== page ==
Fracking has a big water footprint, but that's not the whole story

A new study finds other energy extraction methods have a bigger impact.

 

Here’s today’s quiz from the energy-water nexus. Pick the correct answer.

Shale oil and gas wells that are hydraulically fractured in the United States:

a. Consume a total of 250 billion gallons of water per year, much of it in water-stressed regions
b. Consume less than 1 percent of the total industrial water use nationwide
c. Produce 210 billion gallons of water each year

The answer, according to a new study published in Environmental Science & Technology Letters by Duke University scientists, is: All of the above. The fracking required to free up the oil and gas trapped in tight shale formations is a water intensive process, yet the overall water footprint for shale drilling is smaller than other industrial uses, including conventional oil and gas production.

The paper sheds new light on the intense scrutiny fracking has received for its water consumption in these dry times. And both sides of the debate have used the study's seemingly contradictory takeaways to bolster their arguments. Industry PR outlets, like Energy In Depth, have emphasized the “less than 1 percent” finding, saying it proves that fracking is water efficient. Environmentalists, meanwhile, have pointed to the guzzling of 250 billion gallons per year.

That’s a lot of water -- about the same amount that is currently in Colorado’s largest reservoir, Blue Mesa. A fracking job on a single well can gulp three million to 12 million gallons of water, and more often than not, the wells are in areas that don’t have water to spare, even when there’s not a drought.

But as the study points out, it’s a relative trickle compared to just about everything else. California farmers, for example, withdraw 20 billion gallons per day to irrigate their crops, according to the US Geological Survey. Power plants in North Dakota withdraw about 300 billion gallons per year for steam and cooling purposes, dwarfing what’s used to frack wells, even in this shale oil hotspot. And in Nevada, miners use about 150 billion gallons per year; a single mine pumps some 68,000 gallons per minute in order to prevent the massive open pit from becoming a giant, toxic lake.

Still, side-by-side contrasts aren’t quite fair. Irrigators, power plants and mines may withdraw gargantuan amounts of water, but they don't necessarily consume it all. That is, some of it is returned to the source in a relatively clean state. Flood irrigation runs off of fields and back into streams, and water used to cool power plants is put back into the ocean, river or lake. Mines return a portion of the pumped water to other aquifers, or send it directly to farmers and ranchers. Water used for fracking, however, is mixed with tons of sand, along with a cornucopia of chemicals, some of them rather nasty, before being shot into the ground. Most of the water does, indeed, come back out of the earth. But this "flowback," consisting mostly of injected water and chemicals that return to the surface after fracking, is not fit to be used for much without serious treatment.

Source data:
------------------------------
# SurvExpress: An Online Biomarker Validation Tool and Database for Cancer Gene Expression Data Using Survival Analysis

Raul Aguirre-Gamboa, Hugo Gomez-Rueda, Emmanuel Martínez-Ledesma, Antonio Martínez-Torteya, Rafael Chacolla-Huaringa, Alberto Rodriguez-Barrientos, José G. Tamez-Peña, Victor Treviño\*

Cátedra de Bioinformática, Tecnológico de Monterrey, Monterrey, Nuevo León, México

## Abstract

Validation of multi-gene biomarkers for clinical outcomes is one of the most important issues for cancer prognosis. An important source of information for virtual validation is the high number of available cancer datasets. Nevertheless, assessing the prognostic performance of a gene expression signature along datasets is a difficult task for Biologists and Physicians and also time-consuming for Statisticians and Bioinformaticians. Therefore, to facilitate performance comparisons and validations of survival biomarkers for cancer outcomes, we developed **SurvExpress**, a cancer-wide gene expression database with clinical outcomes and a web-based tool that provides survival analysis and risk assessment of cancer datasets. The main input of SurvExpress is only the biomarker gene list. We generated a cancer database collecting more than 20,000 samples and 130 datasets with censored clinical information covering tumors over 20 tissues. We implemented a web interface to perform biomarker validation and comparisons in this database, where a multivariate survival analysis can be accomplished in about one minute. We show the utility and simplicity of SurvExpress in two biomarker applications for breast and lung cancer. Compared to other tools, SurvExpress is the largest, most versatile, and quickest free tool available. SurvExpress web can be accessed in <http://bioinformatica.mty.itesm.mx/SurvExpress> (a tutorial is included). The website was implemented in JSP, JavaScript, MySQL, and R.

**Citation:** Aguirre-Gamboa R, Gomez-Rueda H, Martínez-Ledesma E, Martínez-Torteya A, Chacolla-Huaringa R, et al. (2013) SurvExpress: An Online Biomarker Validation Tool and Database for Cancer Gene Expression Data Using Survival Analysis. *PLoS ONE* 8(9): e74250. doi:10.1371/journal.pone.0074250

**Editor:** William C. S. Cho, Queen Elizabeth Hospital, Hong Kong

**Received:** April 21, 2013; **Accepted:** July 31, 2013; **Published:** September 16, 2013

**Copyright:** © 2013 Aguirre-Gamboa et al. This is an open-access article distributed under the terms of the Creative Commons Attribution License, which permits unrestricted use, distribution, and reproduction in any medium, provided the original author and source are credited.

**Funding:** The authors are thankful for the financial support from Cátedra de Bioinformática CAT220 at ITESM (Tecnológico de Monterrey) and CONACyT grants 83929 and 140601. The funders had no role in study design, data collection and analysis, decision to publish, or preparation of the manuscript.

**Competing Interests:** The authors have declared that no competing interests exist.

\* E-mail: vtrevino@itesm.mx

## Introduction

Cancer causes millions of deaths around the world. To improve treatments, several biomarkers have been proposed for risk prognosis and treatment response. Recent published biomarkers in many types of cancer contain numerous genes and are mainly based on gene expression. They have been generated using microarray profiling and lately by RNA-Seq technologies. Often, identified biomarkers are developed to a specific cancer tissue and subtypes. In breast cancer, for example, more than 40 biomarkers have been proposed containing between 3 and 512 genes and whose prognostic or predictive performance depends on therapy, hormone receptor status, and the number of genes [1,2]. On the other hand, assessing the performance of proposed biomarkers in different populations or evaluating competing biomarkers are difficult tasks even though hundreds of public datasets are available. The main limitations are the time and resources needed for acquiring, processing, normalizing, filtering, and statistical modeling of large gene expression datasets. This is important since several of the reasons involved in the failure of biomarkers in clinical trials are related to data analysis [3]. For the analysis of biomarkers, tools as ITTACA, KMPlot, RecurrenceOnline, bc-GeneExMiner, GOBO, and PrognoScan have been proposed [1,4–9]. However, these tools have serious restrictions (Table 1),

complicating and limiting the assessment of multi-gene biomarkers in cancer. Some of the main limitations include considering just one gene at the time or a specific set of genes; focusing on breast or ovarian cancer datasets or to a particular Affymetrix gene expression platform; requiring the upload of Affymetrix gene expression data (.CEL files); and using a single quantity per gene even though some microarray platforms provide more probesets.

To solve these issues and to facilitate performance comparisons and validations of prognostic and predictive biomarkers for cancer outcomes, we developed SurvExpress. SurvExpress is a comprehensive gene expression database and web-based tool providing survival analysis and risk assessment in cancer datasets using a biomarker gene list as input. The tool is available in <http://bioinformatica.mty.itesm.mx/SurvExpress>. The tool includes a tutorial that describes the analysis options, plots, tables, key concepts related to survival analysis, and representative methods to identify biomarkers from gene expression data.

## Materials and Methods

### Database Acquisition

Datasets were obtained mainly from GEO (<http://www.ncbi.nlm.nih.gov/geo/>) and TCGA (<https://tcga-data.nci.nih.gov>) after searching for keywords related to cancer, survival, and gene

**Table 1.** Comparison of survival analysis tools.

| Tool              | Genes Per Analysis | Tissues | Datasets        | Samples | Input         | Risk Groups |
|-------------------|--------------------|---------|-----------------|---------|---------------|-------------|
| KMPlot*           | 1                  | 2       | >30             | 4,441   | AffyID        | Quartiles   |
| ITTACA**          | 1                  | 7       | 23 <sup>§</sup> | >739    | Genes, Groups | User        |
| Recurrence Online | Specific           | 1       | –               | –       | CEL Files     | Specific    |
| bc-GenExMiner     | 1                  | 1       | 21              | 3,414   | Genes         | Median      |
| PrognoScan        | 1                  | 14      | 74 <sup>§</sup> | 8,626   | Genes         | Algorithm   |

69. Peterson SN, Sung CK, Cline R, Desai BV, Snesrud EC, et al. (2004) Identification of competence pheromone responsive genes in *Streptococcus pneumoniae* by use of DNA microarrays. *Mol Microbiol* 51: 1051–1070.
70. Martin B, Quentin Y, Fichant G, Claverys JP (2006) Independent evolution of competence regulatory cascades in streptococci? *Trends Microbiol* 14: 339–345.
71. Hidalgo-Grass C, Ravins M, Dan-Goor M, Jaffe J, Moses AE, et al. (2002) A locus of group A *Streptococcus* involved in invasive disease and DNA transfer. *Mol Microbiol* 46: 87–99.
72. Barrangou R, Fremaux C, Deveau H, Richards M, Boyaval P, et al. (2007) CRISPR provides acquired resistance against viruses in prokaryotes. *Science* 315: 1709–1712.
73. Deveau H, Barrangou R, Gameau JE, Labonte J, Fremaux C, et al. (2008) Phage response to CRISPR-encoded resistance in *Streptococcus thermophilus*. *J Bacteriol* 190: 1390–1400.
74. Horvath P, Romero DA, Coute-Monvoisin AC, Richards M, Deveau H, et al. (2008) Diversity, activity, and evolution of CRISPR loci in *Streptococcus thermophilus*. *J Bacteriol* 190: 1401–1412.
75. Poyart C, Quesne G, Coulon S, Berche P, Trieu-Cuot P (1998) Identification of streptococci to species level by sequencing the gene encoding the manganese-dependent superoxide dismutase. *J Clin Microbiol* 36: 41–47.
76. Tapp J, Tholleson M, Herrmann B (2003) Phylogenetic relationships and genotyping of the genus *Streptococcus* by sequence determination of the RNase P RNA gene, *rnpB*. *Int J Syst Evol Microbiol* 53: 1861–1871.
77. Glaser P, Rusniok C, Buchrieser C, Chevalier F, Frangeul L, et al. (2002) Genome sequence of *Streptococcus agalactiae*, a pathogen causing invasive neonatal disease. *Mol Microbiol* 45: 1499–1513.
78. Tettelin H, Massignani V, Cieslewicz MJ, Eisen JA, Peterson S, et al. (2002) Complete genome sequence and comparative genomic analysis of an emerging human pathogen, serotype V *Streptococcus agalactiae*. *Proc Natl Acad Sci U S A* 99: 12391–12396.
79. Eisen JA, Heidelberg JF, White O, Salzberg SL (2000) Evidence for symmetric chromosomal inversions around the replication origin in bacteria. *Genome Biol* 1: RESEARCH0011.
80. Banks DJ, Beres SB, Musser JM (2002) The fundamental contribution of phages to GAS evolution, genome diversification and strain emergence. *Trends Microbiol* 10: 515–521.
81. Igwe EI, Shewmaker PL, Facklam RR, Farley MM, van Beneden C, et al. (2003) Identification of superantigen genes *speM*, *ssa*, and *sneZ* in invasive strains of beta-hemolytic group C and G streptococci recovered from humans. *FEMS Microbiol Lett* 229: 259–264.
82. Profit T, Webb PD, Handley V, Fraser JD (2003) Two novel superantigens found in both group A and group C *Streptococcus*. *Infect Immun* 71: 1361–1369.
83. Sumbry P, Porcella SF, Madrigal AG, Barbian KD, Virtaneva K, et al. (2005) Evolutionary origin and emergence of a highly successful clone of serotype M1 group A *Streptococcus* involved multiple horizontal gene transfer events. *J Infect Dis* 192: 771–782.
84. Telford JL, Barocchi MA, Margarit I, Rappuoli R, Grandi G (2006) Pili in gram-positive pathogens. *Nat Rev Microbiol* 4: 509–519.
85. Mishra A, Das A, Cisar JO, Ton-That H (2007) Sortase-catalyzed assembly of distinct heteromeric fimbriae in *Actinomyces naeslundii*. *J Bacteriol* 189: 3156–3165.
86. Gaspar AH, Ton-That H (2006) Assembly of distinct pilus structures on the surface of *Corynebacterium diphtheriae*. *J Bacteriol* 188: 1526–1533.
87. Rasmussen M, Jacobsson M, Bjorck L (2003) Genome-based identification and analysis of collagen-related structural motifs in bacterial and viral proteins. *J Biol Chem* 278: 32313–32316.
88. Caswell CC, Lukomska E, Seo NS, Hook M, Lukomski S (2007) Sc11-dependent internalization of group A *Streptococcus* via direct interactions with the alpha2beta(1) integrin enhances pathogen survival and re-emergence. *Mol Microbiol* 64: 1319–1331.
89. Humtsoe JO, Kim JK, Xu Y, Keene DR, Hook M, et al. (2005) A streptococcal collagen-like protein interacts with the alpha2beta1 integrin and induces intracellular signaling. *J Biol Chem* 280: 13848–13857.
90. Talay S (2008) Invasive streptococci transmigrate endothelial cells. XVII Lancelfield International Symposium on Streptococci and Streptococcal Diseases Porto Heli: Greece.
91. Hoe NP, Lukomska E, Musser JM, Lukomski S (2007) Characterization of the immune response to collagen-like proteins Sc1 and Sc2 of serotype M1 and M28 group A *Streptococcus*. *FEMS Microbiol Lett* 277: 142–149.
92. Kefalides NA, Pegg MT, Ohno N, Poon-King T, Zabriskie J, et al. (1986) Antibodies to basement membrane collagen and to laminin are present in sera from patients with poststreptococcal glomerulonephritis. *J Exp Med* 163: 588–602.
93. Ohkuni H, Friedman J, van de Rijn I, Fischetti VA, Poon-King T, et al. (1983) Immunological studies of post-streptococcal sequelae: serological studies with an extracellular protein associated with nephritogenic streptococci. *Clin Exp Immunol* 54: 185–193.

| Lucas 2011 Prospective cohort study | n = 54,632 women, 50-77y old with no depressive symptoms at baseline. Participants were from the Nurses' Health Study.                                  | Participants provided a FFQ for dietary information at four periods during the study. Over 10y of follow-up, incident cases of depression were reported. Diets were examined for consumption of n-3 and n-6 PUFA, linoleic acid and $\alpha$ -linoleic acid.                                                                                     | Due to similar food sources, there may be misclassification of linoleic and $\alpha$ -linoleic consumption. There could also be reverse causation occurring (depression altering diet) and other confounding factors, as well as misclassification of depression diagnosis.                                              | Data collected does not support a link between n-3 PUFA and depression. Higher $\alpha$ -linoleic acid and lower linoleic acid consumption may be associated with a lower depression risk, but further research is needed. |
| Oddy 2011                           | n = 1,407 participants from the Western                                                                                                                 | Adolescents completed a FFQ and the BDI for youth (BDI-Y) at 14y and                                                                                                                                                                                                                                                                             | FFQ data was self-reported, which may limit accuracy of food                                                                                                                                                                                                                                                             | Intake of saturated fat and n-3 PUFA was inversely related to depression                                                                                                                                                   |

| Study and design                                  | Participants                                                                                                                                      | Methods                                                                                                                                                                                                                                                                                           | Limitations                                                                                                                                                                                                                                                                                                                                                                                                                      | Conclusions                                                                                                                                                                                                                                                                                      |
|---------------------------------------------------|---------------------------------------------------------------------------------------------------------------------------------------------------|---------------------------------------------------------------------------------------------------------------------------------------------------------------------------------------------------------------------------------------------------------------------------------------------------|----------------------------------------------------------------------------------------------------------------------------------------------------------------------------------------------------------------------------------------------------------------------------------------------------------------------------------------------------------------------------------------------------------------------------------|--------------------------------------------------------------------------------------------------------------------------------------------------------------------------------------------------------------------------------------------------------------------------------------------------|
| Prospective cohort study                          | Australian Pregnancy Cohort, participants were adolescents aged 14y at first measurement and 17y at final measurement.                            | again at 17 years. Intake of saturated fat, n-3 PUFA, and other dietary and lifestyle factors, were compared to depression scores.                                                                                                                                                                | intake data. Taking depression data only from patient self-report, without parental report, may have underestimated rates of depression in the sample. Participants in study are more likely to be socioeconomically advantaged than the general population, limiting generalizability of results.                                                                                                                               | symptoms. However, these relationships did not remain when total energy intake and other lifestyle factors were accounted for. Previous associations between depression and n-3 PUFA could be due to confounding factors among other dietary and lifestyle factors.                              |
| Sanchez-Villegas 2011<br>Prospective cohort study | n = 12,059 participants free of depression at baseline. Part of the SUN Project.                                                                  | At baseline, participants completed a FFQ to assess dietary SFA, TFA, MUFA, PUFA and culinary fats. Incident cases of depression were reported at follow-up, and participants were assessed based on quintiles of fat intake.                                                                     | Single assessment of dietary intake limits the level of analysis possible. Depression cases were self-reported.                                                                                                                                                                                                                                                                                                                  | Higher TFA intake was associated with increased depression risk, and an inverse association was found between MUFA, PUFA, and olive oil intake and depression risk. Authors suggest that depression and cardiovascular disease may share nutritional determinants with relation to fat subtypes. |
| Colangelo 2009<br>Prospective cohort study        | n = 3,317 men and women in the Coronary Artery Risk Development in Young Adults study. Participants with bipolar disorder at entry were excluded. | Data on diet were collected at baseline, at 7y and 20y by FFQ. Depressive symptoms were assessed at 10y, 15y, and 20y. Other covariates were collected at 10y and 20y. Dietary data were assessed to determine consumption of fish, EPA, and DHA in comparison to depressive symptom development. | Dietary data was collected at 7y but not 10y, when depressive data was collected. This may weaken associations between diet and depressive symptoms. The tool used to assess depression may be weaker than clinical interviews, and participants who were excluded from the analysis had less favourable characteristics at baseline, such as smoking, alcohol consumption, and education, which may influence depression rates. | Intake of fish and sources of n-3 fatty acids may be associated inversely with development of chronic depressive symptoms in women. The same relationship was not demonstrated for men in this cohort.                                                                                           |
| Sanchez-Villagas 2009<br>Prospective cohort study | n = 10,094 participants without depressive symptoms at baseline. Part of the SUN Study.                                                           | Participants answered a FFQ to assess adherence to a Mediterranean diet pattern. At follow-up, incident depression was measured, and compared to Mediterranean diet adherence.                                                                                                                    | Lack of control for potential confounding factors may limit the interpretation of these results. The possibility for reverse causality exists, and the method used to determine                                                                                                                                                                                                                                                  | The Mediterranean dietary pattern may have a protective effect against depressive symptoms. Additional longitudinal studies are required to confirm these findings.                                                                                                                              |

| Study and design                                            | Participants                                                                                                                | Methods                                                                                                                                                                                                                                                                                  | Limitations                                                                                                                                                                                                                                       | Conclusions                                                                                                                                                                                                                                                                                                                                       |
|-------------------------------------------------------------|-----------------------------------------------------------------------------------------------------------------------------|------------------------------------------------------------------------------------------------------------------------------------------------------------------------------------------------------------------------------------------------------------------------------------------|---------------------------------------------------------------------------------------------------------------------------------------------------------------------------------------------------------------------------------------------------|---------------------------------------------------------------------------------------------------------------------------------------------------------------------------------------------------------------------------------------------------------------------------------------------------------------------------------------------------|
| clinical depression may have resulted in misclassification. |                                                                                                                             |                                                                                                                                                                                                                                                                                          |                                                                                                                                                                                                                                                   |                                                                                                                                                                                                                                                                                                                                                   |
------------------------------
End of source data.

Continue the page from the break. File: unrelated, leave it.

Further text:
The second part of the study looks at the water that is “produced” by an oil or gas well. That includes the aforementioned flowback along with formation water, which is found alongside the oil or gas deep underground. This is usually very salty, ancient seawater, that can be contaminated with hydrocarbons and other naturally-occurring but toxic substances, including arsenic, barium and selenium. Sometimes it’s even radioactive. 

And it's abundant. For every barrel of oil or cubic foot of gas pulled from the well, a similar amount of water also comes to the surface. The authors of the study found that anywhere from a half-barrel to three barrels of water is produced for every barrel of oil from a horizontal shale well, yielding 210 billion gallons of water per year nationwide.

Other forms of extraction produce even more water. A conventional oil well produces as much as three to seven barrels of water for every barrel of oil. Coalbed methane wells, which extract natural gas bonded to coal by water pressure, are especially prolific, each producing as much as tens of thousands of gallons of water per day. All in all, oil and gas wells in the U.S. produce close to 1 trillion gallons of water each year.

That’s significant because that water, if disposed of improperly by dumping it into a stream or onto the ground, can pollute surface or groundwater. Even when disposed of properly, produced water can be problematic. Often, it’s injected into very deep wells, but this can cause earthquakes in some areas. Oklahoma, for example, home to more than 10,000 injection wells, has been shaken by frequent tremors over the last few years. In other areas the water can be put into huge evaporation ponds, which can leak and contaminate groundwater, kill vegetation, and fatally lure birds. Some places even run the water through municipal treatment plants, which may not be equipped to handle such contaminants.

Another Duke study published last year found that both conventional or unconventional wells can also be pathways for contamination. Methane, fracking fluids and other contaminants can escape through faulty well casings and enter drinking water aquifers, for example. 

The studies suggest that those concerned about water should focus less on hydraulic fracturing, and more on oil and gas development in general. And they should worry not just about water consumption, but also about the myriad other ways oil and gas production -- and many other forms of energy development -- can endanger our increasingly scarce water supplies.

Jonathan Thompson is a senior editor of High Country News. 

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